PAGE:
It’s a strange feeling. I have spent 44 years travelling for work. I’ve clocked up more than 5 million miles. In all that time I must have flown over or through various ports in the Middle East 100 times or more. But I have never once set foot there. Today’s journey is to Dubai. For a 4-day stay.
Today’s journey, which will see us land at midnight local time after 14.5 hours flying time in the giant Qantas A380 Airbus, will, if all is well, be met by a booked taxi service. If all goes to plan, we will be whisked into a new world of glittering excess and a modern hotel open for just six months, by someone we’ve never met, who only recognises us by our name on an email booking, likely displayed on an Arrivals iPad or other tablet.
The risks one takes and the faith we bring to bear on all these services ‘just happening’ is startling, really. The taxi in Sydney needs to arrive. The airline booking made online and confirmed has to actually have seats (Remember overbooking is the norm these days). The flight has to get there. Navigation has to lead us precisely to within a foot of the centre line of Dubai’s runway 13,000 kms away, only possible thanks to a geostationary satellite circling 33,000 km’s above the Earth. Passports and visas are expected to be issued without question, the taxi booked online from a previously unknown service provider needs to find us as we exit, and get us to our lodging safely. The booked venue, through third party Expedia, has to be there.
We take all these things quite for granted today.
My first overseas flight, in 1968, was in a South African Airways Boeing 707 via Isole de Sol in the Atlantic from London’s Heathrow, itself less than twenty years old back then. In those days SAA had to fly around Africa due to travel sanctions. I was 17. How my parents allowed me to fly to Africa alone I will never understand. At Jan Smuts airport in Johannesburg as I walked down the plane steps, the distinctive smell of Brown coal pollution from Soweto’s township attacked the nostrils. I was met by an airline official and sent in a taxi to Johannesburg’s glorious old Langham hotel, where staff greeted one in Pith Helmets and starched white coats. It was a 24 hour layover, paid for by the airline, before the Douglas Dakota DC-3 connection to Maseru airport in Lesotho at 7.00am the next morning. I was to spend 3 months with my Uncle and Aunt at the University of Botswana, Lesotho and Swaziland in the Roma campus.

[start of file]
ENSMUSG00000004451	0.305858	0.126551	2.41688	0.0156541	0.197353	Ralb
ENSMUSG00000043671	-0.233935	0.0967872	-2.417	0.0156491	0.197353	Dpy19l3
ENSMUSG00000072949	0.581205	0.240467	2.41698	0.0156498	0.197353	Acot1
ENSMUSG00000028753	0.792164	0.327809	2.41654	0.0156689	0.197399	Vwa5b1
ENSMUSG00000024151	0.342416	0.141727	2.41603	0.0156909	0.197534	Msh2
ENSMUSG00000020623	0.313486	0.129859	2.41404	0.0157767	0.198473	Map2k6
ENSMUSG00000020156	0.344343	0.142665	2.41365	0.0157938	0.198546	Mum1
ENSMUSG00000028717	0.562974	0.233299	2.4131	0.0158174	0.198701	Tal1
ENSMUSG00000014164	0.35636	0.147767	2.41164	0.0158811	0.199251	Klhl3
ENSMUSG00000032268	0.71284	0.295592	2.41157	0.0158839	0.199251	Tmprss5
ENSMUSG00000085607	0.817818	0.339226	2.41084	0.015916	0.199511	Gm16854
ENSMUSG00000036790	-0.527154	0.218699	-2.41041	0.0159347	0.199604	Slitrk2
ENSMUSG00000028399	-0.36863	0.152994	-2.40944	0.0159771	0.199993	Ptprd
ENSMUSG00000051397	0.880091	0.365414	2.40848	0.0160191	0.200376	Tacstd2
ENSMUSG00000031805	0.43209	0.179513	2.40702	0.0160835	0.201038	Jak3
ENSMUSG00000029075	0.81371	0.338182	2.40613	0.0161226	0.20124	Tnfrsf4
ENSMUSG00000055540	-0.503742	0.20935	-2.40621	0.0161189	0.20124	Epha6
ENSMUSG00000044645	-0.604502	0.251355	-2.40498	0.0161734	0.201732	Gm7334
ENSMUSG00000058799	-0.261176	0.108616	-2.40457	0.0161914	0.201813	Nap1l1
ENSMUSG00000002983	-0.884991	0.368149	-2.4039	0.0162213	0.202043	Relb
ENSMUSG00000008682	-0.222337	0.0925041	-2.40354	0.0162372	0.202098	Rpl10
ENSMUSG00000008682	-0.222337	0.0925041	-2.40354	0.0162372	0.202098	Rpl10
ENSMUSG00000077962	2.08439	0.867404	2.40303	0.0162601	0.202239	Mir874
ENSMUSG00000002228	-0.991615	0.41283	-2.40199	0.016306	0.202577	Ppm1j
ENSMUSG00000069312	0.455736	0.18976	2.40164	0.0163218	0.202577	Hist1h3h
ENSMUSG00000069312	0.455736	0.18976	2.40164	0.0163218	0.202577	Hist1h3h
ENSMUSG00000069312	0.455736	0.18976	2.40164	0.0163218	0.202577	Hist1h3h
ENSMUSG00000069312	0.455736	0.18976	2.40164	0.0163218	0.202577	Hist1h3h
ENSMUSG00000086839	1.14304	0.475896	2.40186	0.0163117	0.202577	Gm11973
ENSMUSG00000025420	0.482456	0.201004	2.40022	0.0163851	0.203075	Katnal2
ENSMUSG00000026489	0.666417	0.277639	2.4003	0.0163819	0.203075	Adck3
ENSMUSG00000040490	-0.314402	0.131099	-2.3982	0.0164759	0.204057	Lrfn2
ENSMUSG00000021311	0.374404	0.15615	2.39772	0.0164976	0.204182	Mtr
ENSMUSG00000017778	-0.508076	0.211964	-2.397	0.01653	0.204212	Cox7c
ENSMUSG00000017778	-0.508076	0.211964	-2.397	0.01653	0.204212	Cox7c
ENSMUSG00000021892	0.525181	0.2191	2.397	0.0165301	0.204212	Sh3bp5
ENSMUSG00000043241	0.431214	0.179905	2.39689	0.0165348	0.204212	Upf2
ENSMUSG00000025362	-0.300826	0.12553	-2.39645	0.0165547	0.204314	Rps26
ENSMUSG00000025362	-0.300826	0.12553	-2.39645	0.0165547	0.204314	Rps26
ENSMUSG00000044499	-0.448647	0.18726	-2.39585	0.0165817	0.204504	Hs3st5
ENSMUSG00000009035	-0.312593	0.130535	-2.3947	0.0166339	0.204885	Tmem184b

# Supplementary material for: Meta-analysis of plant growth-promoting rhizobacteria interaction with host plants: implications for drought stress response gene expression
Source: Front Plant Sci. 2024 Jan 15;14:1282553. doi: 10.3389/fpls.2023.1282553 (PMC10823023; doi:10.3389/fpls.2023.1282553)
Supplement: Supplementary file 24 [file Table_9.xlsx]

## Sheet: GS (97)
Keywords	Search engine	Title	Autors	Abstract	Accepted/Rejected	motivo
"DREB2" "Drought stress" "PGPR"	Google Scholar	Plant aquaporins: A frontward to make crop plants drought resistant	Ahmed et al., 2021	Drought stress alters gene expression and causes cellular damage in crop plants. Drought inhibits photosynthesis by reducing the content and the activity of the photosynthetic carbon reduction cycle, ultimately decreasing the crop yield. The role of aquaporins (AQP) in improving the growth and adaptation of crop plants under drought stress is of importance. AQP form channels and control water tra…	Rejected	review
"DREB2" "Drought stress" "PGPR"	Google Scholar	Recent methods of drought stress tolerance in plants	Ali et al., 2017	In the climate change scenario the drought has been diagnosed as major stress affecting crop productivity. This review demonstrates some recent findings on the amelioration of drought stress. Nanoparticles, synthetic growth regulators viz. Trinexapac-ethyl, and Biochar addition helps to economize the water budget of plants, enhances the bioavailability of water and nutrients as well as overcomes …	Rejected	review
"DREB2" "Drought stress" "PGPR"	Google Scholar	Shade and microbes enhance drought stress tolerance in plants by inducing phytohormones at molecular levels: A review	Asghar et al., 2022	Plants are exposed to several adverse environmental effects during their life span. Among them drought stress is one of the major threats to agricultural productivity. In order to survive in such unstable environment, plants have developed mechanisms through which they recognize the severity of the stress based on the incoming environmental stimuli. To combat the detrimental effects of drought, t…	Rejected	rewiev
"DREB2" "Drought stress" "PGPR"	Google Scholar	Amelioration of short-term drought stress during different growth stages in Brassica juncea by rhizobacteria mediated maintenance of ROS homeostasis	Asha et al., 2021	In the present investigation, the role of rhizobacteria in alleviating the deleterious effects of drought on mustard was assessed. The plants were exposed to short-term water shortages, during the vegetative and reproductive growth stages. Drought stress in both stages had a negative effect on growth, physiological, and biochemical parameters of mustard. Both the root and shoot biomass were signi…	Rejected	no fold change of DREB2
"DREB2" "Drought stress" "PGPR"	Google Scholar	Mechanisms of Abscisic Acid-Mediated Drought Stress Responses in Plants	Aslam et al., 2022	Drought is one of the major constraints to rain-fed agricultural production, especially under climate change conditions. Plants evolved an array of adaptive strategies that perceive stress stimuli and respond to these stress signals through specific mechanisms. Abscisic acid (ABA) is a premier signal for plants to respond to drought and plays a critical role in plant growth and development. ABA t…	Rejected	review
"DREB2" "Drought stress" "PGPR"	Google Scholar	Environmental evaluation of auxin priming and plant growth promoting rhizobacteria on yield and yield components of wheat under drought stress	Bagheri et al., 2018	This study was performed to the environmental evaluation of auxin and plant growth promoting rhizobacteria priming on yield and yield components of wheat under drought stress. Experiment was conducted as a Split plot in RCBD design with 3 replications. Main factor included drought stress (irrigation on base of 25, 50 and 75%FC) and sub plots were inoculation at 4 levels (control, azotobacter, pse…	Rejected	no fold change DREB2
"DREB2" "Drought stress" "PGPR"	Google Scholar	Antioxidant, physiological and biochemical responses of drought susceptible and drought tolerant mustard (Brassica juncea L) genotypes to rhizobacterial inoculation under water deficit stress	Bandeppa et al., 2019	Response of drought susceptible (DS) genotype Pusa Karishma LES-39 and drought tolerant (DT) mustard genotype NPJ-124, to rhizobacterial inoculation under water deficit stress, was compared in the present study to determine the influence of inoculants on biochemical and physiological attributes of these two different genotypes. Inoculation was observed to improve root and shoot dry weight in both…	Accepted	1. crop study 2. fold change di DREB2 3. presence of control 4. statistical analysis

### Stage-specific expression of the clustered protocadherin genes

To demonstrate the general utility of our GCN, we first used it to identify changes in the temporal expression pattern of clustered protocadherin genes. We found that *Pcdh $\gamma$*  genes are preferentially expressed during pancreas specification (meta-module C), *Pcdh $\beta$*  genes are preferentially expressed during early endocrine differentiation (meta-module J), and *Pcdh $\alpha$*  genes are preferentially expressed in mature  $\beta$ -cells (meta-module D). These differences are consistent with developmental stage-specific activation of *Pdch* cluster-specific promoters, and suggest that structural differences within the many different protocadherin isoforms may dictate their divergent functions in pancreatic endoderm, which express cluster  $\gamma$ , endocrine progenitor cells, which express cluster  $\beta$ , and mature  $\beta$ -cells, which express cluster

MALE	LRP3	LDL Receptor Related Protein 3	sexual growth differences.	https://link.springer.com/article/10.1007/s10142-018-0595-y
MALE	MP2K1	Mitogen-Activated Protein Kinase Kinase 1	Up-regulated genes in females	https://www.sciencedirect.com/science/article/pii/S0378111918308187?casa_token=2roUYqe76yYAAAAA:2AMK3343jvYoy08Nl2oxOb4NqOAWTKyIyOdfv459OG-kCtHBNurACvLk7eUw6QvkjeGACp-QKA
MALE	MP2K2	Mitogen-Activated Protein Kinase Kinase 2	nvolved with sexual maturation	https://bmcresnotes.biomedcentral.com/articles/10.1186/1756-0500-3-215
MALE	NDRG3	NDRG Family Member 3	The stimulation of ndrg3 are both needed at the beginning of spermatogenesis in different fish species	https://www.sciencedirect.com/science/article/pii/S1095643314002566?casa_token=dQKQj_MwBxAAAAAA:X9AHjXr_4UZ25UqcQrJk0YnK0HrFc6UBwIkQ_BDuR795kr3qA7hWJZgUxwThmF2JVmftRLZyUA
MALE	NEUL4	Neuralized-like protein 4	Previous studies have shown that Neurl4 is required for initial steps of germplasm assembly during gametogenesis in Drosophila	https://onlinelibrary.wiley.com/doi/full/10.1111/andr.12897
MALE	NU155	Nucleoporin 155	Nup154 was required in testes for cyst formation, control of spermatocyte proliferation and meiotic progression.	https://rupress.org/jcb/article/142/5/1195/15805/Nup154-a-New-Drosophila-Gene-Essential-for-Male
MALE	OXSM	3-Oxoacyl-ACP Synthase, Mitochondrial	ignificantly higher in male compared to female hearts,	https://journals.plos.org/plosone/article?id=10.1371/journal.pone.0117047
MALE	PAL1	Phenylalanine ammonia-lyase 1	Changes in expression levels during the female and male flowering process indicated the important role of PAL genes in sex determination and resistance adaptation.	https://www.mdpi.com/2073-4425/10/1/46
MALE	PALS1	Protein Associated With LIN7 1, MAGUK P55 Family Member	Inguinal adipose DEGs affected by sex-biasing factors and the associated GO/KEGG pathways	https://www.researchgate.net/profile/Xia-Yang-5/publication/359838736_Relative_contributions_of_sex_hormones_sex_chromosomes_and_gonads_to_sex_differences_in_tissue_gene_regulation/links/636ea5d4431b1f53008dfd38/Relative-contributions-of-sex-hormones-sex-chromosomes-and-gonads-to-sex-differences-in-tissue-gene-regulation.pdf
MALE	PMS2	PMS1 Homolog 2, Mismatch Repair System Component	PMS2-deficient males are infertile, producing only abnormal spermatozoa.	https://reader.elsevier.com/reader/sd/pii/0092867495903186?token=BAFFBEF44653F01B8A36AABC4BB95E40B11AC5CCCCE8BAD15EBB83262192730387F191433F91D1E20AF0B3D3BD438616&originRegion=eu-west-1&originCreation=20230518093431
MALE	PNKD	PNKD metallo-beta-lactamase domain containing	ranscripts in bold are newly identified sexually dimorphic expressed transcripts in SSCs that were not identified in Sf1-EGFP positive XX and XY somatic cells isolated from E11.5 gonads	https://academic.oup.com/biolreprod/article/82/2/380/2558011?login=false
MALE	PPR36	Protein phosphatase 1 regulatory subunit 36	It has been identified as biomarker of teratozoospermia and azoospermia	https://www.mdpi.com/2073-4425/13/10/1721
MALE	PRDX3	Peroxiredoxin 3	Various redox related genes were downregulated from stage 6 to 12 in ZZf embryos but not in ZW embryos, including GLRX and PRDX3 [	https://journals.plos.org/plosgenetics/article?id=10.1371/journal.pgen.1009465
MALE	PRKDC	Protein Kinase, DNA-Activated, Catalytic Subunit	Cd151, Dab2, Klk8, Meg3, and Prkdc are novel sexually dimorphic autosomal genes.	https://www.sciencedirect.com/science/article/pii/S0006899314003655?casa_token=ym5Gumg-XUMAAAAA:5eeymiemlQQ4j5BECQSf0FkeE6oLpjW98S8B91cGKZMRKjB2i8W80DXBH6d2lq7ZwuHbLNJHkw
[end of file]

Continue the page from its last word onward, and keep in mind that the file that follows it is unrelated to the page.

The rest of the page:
That journey, with the shuddering rivets bouncing on the wings, and the splashy landing on the grass strip in the Drakensburg mountain Protectorate was a real adventure. And, as today, on trust, there were my uncle and aunt to greet me. Airmail letters on flimsy Royal Mail areograms between Lesotho and London had made that all work!
Adventure it certainly was. Just as the next five weeks is sure to be. A more glamourous age? Certainly there were many fewer travellers. But the learning, the shared experiences, the insights into other cultures was as vital then as it is today. As I spend the next four days in the UAE, which has allowed for Western influence, limited alcohol consumption and some tolerance of unveiled women, I may better understand some of the complex mix of this very complicated Middle Eastern world. But I will do so in the knowledge that less than an hour’s flying time from Dubai are warfronts involving Iran, Iraq, IS, Palestinians, Israelis, Iranians and Syrians. The contrast in behaviours between those two situations could not be more extreme. Like travel itself, we trust all will be well.